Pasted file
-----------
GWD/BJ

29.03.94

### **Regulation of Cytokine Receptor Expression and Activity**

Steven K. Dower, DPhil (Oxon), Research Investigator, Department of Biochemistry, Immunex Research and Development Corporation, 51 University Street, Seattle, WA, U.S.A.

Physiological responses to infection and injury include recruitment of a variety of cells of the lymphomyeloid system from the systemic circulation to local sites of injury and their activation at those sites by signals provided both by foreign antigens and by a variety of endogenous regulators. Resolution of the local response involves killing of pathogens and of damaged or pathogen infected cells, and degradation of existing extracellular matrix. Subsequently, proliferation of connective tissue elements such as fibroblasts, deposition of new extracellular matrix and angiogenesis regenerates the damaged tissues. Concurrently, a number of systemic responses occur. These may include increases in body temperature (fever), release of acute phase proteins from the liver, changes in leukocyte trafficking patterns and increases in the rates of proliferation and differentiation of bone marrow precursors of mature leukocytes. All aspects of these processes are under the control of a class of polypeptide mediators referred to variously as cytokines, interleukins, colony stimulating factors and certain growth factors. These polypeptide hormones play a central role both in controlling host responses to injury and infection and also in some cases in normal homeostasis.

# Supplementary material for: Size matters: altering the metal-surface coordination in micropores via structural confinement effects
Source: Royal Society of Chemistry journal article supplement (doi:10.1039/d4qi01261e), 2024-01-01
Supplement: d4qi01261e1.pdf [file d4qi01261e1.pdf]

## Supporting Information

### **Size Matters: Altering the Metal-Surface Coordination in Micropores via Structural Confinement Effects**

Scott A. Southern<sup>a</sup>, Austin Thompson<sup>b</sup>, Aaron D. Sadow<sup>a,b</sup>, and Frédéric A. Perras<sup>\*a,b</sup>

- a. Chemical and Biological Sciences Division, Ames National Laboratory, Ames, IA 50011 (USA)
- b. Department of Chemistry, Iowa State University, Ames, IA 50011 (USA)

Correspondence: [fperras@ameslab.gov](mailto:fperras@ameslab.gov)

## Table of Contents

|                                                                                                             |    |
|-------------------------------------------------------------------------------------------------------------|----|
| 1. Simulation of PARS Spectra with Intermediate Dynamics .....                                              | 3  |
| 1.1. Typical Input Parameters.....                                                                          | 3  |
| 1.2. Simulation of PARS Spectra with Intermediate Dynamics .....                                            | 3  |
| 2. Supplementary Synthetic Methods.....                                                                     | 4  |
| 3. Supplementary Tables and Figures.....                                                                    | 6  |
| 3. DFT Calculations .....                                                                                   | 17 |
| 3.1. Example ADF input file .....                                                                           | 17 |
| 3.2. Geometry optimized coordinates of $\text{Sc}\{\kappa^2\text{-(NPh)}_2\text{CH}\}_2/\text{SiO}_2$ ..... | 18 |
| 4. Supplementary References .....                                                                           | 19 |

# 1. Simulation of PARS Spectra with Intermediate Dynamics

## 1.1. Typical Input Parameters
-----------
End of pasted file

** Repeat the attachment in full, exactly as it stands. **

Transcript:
GWD/BJ

29.03.94

### **Regulation of Cytokine Receptor Expression and Activity**

Steven K. Dower, DPhil (Oxon), Research Investigator, Department of Biochemistry, Immunex Research and Development Corporation, 51 University Street, Seattle, WA, U.S.A.

Physiological responses to infection and injury include recruitment of a variety of cells of the lymphomyeloid system from the systemic circulation to local sites of injury and their activation at those sites by signals provided both by foreign antigens and by a variety of endogenous regulators. Resolution of the local response involves killing of pathogens and of damaged or pathogen infected cells, and degradation of existing extracellular matrix. Subsequently, proliferation of connective tissue elements such as fibroblasts, deposition of new extracellular matrix and angiogenesis regenerates the damaged tissues. Concurrently, a number of systemic responses occur. These may include increases in body temperature (fever), release of acute phase proteins from the liver, changes in leukocyte trafficking patterns and increases in the rates of proliferation and differentiation of bone marrow precursors of mature leukocytes. All aspects of these processes are under the control of a class of polypeptide mediators referred to variously as cytokines, interleukins, colony stimulating factors and certain growth factors. These polypeptide hormones play a central role both in controlling host responses to injury and infection and also in some cases in normal homeostasis.

# Supplementary material for: Size matters: altering the metal-surface coordination in micropores via structural confinement effects
Source: Royal Society of Chemistry journal article supplement (doi:10.1039/d4qi01261e), 2024-01-01
Supplement: d4qi01261e1.pdf [file d4qi01261e1.pdf]

## Supporting Information

### **Size Matters: Altering the Metal-Surface Coordination in Micropores via Structural Confinement Effects**

Scott A. Southern<sup>a</sup>, Austin Thompson<sup>b</sup>, Aaron D. Sadow<sup>a,b</sup>, and Frédéric A. Perras<sup>\*a,b</sup>

- a. Chemical and Biological Sciences Division, Ames National Laboratory, Ames, IA 50011 (USA)
- b. Department of Chemistry, Iowa State University, Ames, IA 50011 (USA)

Correspondence: [fperras@ameslab.gov](mailto:fperras@ameslab.gov)

## Table of Contents

|                                                                                                             |    |
|-------------------------------------------------------------------------------------------------------------|----|
| 1. Simulation of PARS Spectra with Intermediate Dynamics .....                                              | 3  |
| 1.1. Typical Input Parameters.....                                                                          | 3  |
| 1.2. Simulation of PARS Spectra with Intermediate Dynamics .....                                            | 3  |
| 2. Supplementary Synthetic Methods.....                                                                     | 4  |
| 3. Supplementary Tables and Figures.....                                                                    | 6  |
| 3. DFT Calculations .....                                                                                   | 17 |
| 3.1. Example ADF input file .....                                                                           | 17 |
| 3.2. Geometry optimized coordinates of $\text{Sc}\{\kappa^2\text{-(NPh)}_2\text{CH}\}_2/\text{SiO}_2$ ..... | 18 |
| 4. Supplementary References .....                                                                           | 19 |

# 1. Simulation of PARS Spectra with Intermediate Dynamics

## 1.1. Typical Input Parameters